Advertisers are finally tuning in to the same channel as consumers

But creativity needs to adapt.

With Disney, NBCUniversal and The CW announcing they’ve sold out of their upfront inventory this week, the annual ad sales carnival is officially coming to an end.

After a year where advertisers were more likely to cancel an upfront commitment than make one, a lot has changed about the market in the past 12 months.

First and foremost, streaming now dominates. We knew this about consumer media habits — cord-cutting and adoption of streaming have been on the rise for years — but advertisers have been slow to follow due to the dynamics of the market.

TV still delivers the best reach for big branding moments, despite shrinking audiences, and advertisers are increasingly locked out of ad-free streaming platforms such as Netflix.

Still, the money is following eyeballs.

Disney, for its part, said 40% of upfront dollars committed from advertisers this year went toward its streaming or digital inventory. Disney owns Hulu, which eMarketer projects will reach $2.7 billion in ad revenue this year, but Disney+, which has more than 100 million subscribers, is completely ad-free.

NBCUniversal didn’t share what portion of revenues went to its streaming platform, Peacock, but chairwoman Linda Yaccarino said in her blog post closing out the upfront: “Consumers have demanded an entirely new reality and the upfront finally reflects that.”

As advertisers return to the economy post-pandemic, they’re spending money on digital and streaming. GroupM expects digital advertising spend to grow 33% in the U.S. this year and make up 69% of the ad market by 2026.

Despite this meteoric rise, the TV networks reported some of their most robust upfronts ever across the board. Disney saw double-digit CPM increases across cable, broadcast and live sports, and The CW raised CPMs between 19% and 21%.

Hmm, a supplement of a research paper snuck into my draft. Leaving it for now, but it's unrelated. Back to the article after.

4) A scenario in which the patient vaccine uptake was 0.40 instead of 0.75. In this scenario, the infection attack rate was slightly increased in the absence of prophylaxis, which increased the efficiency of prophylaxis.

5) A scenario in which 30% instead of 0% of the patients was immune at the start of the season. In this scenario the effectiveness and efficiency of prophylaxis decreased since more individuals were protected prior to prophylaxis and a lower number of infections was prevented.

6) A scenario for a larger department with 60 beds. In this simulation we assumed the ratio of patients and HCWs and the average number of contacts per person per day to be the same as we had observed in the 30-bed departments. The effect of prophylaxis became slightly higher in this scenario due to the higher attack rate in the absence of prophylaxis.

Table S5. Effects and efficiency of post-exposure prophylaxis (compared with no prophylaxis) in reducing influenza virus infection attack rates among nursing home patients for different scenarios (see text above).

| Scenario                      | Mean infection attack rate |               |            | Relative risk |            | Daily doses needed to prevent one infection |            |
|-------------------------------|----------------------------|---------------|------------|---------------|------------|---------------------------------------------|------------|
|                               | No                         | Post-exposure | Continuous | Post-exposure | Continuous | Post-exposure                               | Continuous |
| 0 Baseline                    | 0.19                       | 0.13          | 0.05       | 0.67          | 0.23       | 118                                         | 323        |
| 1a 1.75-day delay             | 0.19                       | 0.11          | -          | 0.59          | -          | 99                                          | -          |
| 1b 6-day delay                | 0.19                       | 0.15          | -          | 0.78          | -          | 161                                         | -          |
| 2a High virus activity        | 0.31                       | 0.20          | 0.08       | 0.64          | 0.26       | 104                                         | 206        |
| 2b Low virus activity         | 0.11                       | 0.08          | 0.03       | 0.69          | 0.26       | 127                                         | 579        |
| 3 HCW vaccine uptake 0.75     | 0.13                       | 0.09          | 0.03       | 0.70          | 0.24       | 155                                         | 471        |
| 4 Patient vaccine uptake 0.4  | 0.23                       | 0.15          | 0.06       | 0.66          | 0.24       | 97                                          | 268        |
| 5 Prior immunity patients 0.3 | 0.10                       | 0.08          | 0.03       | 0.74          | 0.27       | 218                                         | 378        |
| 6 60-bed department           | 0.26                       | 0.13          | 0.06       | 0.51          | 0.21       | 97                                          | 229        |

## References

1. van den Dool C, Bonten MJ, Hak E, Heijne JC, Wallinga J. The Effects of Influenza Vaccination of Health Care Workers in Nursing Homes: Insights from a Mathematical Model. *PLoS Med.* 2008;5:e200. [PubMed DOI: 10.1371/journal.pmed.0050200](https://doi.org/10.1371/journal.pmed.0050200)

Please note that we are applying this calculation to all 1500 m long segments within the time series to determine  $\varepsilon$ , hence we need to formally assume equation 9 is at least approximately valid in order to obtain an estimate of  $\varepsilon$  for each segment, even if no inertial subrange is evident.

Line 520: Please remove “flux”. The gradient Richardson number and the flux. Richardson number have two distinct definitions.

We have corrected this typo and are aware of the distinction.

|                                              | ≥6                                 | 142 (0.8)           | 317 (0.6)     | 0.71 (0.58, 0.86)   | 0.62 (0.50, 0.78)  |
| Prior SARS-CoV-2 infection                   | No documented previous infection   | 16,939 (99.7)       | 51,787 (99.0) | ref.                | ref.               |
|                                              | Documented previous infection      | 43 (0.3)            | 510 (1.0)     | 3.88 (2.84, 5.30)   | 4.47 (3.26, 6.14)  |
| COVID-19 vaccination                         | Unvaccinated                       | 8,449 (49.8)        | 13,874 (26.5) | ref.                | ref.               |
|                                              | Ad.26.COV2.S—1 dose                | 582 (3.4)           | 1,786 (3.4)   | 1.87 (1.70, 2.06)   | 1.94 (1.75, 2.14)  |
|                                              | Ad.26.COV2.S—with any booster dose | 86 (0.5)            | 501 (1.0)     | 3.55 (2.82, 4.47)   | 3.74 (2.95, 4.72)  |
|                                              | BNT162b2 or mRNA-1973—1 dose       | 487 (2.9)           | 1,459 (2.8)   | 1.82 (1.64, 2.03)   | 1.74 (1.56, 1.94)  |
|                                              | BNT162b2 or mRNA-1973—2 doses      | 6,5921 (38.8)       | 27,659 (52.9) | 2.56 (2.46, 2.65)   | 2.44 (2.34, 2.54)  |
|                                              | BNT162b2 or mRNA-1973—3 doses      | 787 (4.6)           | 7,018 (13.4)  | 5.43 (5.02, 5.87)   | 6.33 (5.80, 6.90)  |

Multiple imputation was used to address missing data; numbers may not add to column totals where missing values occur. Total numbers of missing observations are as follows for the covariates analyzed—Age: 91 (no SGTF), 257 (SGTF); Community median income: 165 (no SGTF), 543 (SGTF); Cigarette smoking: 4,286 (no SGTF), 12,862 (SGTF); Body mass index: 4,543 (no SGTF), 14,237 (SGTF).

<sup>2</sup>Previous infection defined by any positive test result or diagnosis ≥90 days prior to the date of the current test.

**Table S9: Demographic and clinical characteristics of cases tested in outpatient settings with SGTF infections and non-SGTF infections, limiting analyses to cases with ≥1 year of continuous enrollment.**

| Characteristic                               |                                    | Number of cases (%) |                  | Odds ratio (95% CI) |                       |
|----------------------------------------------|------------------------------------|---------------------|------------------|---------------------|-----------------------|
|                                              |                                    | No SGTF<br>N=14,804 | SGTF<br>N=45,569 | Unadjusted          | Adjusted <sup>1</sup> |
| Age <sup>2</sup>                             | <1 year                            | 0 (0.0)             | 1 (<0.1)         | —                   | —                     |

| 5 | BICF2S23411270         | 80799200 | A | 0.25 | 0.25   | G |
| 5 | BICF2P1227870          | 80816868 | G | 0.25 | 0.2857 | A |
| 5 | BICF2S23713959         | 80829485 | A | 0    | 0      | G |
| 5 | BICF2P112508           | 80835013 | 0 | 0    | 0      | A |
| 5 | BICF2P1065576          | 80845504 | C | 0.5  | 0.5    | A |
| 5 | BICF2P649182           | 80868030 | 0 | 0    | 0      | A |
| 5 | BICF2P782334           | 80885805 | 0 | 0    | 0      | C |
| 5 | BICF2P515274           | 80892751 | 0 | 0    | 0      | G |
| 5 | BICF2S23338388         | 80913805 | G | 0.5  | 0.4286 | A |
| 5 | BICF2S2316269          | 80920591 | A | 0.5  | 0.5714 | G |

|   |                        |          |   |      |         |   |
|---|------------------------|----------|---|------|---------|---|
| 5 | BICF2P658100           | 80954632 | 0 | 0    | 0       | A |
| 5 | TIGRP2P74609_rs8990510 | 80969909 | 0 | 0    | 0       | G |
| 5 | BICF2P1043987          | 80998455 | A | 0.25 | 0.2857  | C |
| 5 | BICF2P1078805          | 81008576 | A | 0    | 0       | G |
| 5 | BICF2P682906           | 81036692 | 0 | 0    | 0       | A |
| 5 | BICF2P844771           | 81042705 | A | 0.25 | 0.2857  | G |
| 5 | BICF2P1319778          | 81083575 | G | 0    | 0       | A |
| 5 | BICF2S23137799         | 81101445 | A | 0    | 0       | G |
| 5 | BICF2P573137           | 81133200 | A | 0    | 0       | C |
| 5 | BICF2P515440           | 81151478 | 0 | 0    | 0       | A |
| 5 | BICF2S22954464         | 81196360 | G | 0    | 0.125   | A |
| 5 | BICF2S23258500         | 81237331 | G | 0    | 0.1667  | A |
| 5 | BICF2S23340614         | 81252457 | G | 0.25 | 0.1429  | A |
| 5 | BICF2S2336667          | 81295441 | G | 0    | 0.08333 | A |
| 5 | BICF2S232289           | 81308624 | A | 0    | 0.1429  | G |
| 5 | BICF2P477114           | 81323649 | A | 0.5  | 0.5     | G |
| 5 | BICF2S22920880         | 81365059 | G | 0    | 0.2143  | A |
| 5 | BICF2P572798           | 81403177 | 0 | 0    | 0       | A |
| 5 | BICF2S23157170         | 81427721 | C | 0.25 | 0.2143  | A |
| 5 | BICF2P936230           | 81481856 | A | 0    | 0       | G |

NBCU didn’t share information about pricing, but CEO Jeff Shell said it was “the strongest upfront in the history of NBCUniversal” and a “watershed moment and a clear signal that everything has changed.”

Granted, the comparisons are tough, as upfront deals were down between 15% to 20% in 2020 at the height of the pandemic, and networks were only able to raise CPMs by 3% to 4% after three consecutive years of double-digit increases.

But this year’s high return to demand, despite rising prices and shrinking audiences, demonstrates linear TV’s resilience — especially live sports, which Disney cited as an area driving the most robust gains.

Still, even sports will go the way of streaming sooner rather than later. The writing is on the wall for live appointment viewing and the interruptive advertising that accompanies it.

As advertisers enter a new market where context and fluidity matter more than channel and media type, and where opportunities for interruption are limited, creatives must continue to reengineer how they develop, execute and measure the success of big branding moments.

There are tons of great examples of this already happening. A few weeks ago we saw this new kind of work on display at our Brand Film Awards, where companies including Apple, Google and Hyundai were recognized for creativity that entertained as opposed to interrupting. There were more on display this week at the Tribeca X film festival, where brands including KitchenAid and Procter & Gamble are showing off the art of brand film.

As streaming platforms create new advertising opportunities beyond the 30-second spot, advertisers are starting to adapt their approaches to creative. But as the market continues its steady march toward streaming, the industry must boldly and fundamentally rethink how it achieves the big branding moments that only linear TV has been able to deliver.


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